of more than 80,000 households that is developed and
maintained by Knowledge Networks, Inc., a survey
research rm based in Menlo Park, CA. Knowledge
Networks maintains KnowledgePanel, a probability-
based, online non-volunteer access survey panel of
a nationally representative sample of U.S. adults that
covers approximately 98% of U.S. households,
including cell-phoneeonly households. Knowledge
Networks, who rst began recruiting survey panelists
in 1999, established the rst online research panel
based on probability sampling that covered both
online and ofine populations in the United States.
Panel members are recruited through national
random samples, originally by telephone and now
almost entirely by postal mail. Households are
provided with computer hardware and Internet access
if needed. Unlike Internet convenience panels, also
known as opt-inpanels, that include only individ-
uals with Internet access who volunteer themselves
for research, KnowledgePanel recruitment uses dual
sampling frames that includes both listed and unlisted
telephone numbers, telephone and non-telephone
households, cell-phoneeonly households, and house-
holds with and without Internet access. Only persons
sampled through these probability-based techniques
are eligible to participate on KnowledgePanel. Unless
invited to do so as part of these national samples, no
one on their own can volunteer to be part of the panel.
A total of 3,188 individuals in the Knowledge
Networks panel answered Yesto an initial screening
question that conrmed veteran status: Have you
ever served on active duty in the U.S. Armed Forces,
Military Reserves, or National Guard?Of these, 3,157
(99.0%) completed the survey. To permit generaliz-
ability of study results to the entire population of U.S.
veterans, post-stratication weights were applied
based on demographic distributions (i.e., age, gender,
race/ethnicity, education, Census region, and metro-
politan area) from the most contemporaneous
(October 2010) Current Population Survey (U.S.
Census Bureau, 2010).
2 Am J Geriatr Psychiatry -:-,-2013
Loneliness Among Older Veterans in the U.S.
Demographic characteristics of the NHRVS sample
were highly consistent with those observed in prior
population-based surveys of veterans, such as the U.S.
Census Bureau American Community Survey (ACS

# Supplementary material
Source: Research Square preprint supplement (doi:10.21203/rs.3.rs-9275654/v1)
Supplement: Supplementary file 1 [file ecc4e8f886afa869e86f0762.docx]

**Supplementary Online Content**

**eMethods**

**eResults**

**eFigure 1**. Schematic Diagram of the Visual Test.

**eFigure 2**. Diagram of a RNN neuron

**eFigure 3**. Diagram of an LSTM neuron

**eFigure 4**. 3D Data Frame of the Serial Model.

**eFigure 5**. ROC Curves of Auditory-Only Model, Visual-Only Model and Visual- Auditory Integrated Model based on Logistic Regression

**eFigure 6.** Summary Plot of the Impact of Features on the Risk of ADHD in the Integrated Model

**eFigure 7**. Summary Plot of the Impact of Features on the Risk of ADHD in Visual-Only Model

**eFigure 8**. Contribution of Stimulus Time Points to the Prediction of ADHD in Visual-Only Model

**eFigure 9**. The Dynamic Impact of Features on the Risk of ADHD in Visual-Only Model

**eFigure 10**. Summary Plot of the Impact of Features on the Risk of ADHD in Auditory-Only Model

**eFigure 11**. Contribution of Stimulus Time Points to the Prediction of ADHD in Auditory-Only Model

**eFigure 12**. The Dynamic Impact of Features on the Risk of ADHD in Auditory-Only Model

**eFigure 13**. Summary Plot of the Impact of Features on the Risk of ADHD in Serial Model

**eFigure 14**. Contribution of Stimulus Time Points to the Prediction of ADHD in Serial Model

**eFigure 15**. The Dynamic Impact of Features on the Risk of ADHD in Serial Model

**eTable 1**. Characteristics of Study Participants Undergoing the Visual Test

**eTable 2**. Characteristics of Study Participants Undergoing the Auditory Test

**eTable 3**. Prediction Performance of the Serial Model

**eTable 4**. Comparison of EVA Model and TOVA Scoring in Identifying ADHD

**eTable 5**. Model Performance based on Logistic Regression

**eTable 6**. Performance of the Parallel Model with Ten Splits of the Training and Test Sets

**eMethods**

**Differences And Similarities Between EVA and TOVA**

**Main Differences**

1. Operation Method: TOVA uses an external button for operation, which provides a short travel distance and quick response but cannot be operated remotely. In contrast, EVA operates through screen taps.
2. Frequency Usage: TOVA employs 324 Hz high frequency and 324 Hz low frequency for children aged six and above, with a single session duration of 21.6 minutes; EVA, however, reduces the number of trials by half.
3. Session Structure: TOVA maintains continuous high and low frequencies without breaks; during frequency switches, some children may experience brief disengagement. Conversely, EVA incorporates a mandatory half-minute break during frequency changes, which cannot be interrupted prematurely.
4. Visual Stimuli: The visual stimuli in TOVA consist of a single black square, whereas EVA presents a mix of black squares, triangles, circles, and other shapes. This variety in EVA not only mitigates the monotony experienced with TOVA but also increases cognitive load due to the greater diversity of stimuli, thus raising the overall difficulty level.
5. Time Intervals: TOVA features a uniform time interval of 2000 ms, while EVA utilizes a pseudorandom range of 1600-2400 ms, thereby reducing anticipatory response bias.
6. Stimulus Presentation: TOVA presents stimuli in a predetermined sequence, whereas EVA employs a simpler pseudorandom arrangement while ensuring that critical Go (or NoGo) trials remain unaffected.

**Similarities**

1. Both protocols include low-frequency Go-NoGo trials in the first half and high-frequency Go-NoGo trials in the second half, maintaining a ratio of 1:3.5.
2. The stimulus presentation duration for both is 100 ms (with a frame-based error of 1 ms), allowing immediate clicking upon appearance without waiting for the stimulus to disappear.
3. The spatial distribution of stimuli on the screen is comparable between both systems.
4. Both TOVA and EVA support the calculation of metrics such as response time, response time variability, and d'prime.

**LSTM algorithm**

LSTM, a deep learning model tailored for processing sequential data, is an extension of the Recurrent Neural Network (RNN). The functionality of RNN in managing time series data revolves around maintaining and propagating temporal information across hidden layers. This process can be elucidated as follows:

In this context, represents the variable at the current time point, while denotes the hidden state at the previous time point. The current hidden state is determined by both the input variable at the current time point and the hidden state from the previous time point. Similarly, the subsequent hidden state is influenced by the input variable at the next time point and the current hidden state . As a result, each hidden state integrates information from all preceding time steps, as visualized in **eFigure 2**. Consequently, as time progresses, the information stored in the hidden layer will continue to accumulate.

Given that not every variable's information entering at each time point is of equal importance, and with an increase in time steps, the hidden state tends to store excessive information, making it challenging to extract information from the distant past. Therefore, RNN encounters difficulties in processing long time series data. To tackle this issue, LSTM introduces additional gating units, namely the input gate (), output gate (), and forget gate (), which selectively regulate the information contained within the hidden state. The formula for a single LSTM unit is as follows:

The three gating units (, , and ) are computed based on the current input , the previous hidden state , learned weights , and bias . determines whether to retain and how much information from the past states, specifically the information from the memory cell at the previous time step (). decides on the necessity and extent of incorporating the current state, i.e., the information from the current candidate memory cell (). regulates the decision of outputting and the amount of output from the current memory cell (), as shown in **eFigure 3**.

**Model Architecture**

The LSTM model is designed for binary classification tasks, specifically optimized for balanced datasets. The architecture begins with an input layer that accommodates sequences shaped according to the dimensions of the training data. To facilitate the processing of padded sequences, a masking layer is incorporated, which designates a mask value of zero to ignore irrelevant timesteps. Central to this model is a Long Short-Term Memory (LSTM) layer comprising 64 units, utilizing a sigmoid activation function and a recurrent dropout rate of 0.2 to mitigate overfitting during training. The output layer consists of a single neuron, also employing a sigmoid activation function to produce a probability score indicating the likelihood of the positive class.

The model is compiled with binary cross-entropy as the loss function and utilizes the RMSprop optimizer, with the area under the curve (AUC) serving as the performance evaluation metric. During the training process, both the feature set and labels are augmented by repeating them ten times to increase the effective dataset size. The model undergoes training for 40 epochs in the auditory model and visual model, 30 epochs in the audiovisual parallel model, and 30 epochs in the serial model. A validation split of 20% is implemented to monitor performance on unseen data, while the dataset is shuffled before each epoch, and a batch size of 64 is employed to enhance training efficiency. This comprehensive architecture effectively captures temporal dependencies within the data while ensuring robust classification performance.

11
).
For example, the median age of male veterans in the
NHRVS sample versus the ACS sample were both 64
years; the median age of female veterans was 50 versus
49 years. The proportion of white, non-Hispanic male
veterans was 77.4% versus 82.0%; proportion of white,
non-Hispanic female veterans was 64.6% versus 69.6%.
The proportion of male veterans who completed some
college or higher education was 65.5% versus 60.3%;
proportion of female veterans who completed some
college or higher education was 79.0% versus 77.4%.
Finally, the proportion of male veterans who were
married was 72.3% versus 67.7%; the proportion of
female veterans who were married was 54.7% versus
47.4%. All participants provided informed consent and
the study was approved by the institutional review
board of the VA Connecticut Healthcare System.
Measures
Veterans completed a comprehensive survey con-
taining measures of demographics, military charac-
teristics, and health and psychosocial variables. The
main outcome measure in the current study was
a three-item loneliness questionnaire adapted from the
Revised UCLA Loneliness Scale.
3
This measure
assesses three components of loneliness, including the
extent to which an individual feels left out, isolated, or
that he or she lacks companionship.
12
Each item is
scored as 1(hardly ever); 2(some of the time); or
3(often). These items are summed to yield
a summary loneliness measure (Cronbachs
a
in the
current sample: 0.84). Variables examined in relation to
loneliness are shown in Table 1 and described in detail
in the Supplemental Digital Content (available online).
Data Analysis
Distributions of all variables were examined to
ensure suitability for parametric analysis; non-
normally distributed data (e.g., psychiatric symptom
variables) were transformed using logarithmic base 10
transformations. There were minimal missing item-
level data (<5% across variables); the expectation-
maximization algorithm was used to impute these
missing data prior to analysis. Pearson correlations
were computed to examine associations between
explanatory variables and scores on the summary